Severe Neglect in young children is associated with major impairment of growth and intellectual development. Persistent Neglect in children of any age can lead to serious impairment of health and development, and long-term difficulties with social functioning, relationships and educational progress.

Neglect can also result in death.
3.6.5 Failure to thrive is a condition requiring a medical diagnosis. It can have an organic cause, but can also be a result of the persistent Neglect of the child's physical and/or emotional needs.
3.6.6 Children suffering Neglect may show dramatic changes in appearance and social functioning when placed in a different environment such as a hospital or foster placement.
3.6.7 Measuring Neglect is always difficult and requires close co-operation between Health and Children's Social Care. Inquiries into child deaths have placed great importance on the height and weight of very young children being plotted on the centile charts.
3.6.8 Neglect is often difficult to detect in that it is usually a slow ongoing process. Professionals may, out of familiarity, start to unknowingly tolerate lessening standards of child care, and each one of us has different standards with regards to what is acceptable or unacceptable. It is therefore essential that a regular, objective appraisal of the child's presentation and condition is made. Where there are concerns about the quality of care being provided to a child(ren) professionals should undertake the Graded Care Profile2 tool to determine what intervention/support is needed (see Knowsley Graded Care Profile 2).

3.7 Sources of Stress for Children and Families

3.7.1 Many families under stress are able to care for children and meet their needs in a warm, loving and supportive environment. For other families stress has a negative impact on the child's health, development and well-being either directly or because it affects the capacity of parents to respond to the child's needs. This is particularly the case where there is no other significant adult who is able to respond to the child's needs.


Social Exclusion and Poverty

Many families are disadvantaged and lack a wage earner. Poverty may mean that children live in crowded or unsuitable accommodation, have poor diets, health problems or disability, be vulnerable to accidents, and lack ready access to good educational and leisure opportunities.



Racism and racial harassment are additional sources of stress for some families and children. Although racism causes Significant Harm it is not, in itself, a category of child abuse. The experience of racism is likely to affect the responses of the child and family to assessment and enquiry processes. Failure to consider the effects of racism will undermine efforts to protect children from other forms of abuse.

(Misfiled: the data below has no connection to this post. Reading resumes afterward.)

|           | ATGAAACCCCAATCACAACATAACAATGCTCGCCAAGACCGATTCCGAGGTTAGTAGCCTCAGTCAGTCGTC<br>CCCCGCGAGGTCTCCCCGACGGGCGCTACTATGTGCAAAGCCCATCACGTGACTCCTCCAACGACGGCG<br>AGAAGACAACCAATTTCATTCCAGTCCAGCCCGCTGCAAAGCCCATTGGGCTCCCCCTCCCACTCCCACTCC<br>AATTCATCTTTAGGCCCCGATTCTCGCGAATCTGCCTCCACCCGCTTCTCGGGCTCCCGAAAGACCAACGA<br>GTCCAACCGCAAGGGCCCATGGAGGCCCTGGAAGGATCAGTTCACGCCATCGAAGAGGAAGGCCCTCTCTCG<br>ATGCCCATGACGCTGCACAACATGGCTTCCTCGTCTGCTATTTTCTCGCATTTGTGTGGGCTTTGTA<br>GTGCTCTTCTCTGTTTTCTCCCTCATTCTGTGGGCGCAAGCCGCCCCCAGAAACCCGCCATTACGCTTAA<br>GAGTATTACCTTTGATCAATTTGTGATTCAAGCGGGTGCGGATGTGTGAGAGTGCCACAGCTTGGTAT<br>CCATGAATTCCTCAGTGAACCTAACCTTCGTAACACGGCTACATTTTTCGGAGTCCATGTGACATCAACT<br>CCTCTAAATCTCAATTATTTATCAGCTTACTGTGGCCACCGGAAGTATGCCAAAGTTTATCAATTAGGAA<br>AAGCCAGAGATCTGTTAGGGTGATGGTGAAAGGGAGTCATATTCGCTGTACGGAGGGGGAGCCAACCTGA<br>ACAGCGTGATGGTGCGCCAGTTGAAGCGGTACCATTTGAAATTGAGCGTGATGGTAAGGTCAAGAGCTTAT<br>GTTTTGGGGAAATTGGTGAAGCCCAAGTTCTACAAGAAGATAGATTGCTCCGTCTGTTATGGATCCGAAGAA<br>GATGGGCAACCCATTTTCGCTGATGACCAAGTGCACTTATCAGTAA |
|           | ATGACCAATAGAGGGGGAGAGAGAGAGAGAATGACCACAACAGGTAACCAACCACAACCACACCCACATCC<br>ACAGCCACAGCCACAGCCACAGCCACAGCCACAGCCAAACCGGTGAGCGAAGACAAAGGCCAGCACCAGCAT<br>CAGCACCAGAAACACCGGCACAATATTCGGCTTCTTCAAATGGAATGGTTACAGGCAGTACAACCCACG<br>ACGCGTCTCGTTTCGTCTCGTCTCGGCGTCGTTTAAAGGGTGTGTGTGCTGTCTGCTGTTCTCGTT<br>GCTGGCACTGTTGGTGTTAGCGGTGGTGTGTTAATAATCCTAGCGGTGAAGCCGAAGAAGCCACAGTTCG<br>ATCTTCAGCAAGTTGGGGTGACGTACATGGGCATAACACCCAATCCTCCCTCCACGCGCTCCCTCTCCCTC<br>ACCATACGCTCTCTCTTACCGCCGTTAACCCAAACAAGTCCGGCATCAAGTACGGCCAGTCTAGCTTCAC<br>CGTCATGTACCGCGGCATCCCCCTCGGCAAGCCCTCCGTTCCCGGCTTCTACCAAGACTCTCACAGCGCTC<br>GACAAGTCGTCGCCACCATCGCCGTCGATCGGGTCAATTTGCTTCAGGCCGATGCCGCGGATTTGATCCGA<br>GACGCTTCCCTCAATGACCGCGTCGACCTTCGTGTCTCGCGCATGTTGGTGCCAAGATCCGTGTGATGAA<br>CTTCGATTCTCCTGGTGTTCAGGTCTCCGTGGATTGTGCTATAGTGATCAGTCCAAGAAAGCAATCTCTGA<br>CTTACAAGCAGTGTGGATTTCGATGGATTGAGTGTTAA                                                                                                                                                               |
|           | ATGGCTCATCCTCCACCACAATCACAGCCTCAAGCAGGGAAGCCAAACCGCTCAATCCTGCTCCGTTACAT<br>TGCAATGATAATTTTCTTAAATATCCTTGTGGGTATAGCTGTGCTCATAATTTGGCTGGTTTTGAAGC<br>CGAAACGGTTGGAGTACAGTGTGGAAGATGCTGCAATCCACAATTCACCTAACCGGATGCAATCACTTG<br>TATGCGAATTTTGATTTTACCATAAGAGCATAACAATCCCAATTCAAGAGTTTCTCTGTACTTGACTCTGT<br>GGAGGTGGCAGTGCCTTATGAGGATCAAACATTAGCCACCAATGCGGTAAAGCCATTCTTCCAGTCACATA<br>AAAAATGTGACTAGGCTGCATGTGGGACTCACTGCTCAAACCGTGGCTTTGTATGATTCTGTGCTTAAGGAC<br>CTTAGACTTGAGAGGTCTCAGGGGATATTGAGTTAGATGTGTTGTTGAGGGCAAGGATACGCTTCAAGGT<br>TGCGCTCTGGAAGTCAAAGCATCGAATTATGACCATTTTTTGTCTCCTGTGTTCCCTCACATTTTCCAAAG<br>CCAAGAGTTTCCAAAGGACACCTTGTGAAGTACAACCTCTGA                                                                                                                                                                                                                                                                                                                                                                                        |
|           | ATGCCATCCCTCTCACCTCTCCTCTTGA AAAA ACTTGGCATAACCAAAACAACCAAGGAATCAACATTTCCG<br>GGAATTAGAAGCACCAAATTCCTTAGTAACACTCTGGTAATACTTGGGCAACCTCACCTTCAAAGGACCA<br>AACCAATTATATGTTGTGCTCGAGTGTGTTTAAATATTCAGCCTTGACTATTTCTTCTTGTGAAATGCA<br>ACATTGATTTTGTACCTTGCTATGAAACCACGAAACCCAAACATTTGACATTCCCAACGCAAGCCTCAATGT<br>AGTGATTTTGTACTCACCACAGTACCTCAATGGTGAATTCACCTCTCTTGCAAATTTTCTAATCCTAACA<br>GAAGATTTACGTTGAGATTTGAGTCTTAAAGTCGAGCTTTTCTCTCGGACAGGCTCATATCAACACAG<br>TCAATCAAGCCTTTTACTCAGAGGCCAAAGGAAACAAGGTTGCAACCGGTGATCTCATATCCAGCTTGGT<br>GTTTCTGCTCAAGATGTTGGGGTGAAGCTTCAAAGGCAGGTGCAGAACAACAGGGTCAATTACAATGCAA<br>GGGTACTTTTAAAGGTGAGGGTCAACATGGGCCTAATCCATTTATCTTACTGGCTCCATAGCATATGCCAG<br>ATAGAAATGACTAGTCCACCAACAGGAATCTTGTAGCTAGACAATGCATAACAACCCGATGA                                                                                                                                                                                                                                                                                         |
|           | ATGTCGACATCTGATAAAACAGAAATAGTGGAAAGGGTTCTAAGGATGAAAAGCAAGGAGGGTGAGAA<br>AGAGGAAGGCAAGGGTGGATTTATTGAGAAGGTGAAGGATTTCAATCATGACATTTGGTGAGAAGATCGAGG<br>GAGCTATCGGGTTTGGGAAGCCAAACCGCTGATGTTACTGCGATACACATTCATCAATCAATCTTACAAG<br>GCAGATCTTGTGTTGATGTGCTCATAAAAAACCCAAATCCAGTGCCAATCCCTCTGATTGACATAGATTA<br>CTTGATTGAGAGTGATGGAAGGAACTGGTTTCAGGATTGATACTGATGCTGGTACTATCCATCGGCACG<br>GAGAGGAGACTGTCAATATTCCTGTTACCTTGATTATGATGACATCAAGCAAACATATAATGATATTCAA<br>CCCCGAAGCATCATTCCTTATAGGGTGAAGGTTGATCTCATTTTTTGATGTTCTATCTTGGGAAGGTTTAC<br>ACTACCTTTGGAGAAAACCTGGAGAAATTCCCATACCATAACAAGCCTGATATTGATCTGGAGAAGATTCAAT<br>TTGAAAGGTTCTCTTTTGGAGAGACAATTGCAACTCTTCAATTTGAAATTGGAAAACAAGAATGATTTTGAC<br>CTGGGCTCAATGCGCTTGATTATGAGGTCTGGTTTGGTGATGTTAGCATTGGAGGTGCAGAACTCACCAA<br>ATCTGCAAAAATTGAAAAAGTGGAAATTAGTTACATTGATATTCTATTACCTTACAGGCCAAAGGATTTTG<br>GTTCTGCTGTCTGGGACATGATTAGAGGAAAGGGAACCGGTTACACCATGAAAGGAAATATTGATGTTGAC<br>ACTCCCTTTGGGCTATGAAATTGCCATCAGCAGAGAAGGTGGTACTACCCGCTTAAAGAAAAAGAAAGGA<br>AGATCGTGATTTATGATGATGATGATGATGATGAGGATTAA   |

Other sources of stress for children and families referred to in more detail in this manual include:

3.8 Past Abuse

Sometimes referred to as 'historical abuse' - allegations of child abuse are sometimes made by adults and children many years after the abuse has occurred. There are many reasons for an allegation not being made at the time including fear of reprisals, the degree of control exercised by the abuser, shame or fear that the allegation may not be believed. The person becoming aware that the abuser is being investigated for a similar matter or their suspicions that the abuse is continuing against other children may trigger the allegation.

Reports of past allegations may be complex as the alleged victims may no longer be living in the situations where the incidents occurred or where the alleged perpetrators are also no longer linked to the setting or employment role. Such cases should be responded to in the same way as any other concerns including the referral procedures, etc. (see Multi Agency Safeguarding Hub (MASH)). It is important to ascertain as a matter of urgency if the alleged perpetrator is still working with, or caring for, children.

Organisational responses to allegations by an adult of abuse experienced as a child must be of as high a standard as a response to current abuse because:

  • There is a significant likelihood that a person who abused a child/ren in the past will have continued and may still be doing so;
  • Criminal prosecutions can still take place despite the fact that the allegations are historical in nature and may have taken place many years ago.

If it comes to light that the past abuse is part of a wider setting of institutional or organised abuse, the case will be dealt with according to the Organised/Multiple Abuse Procedure.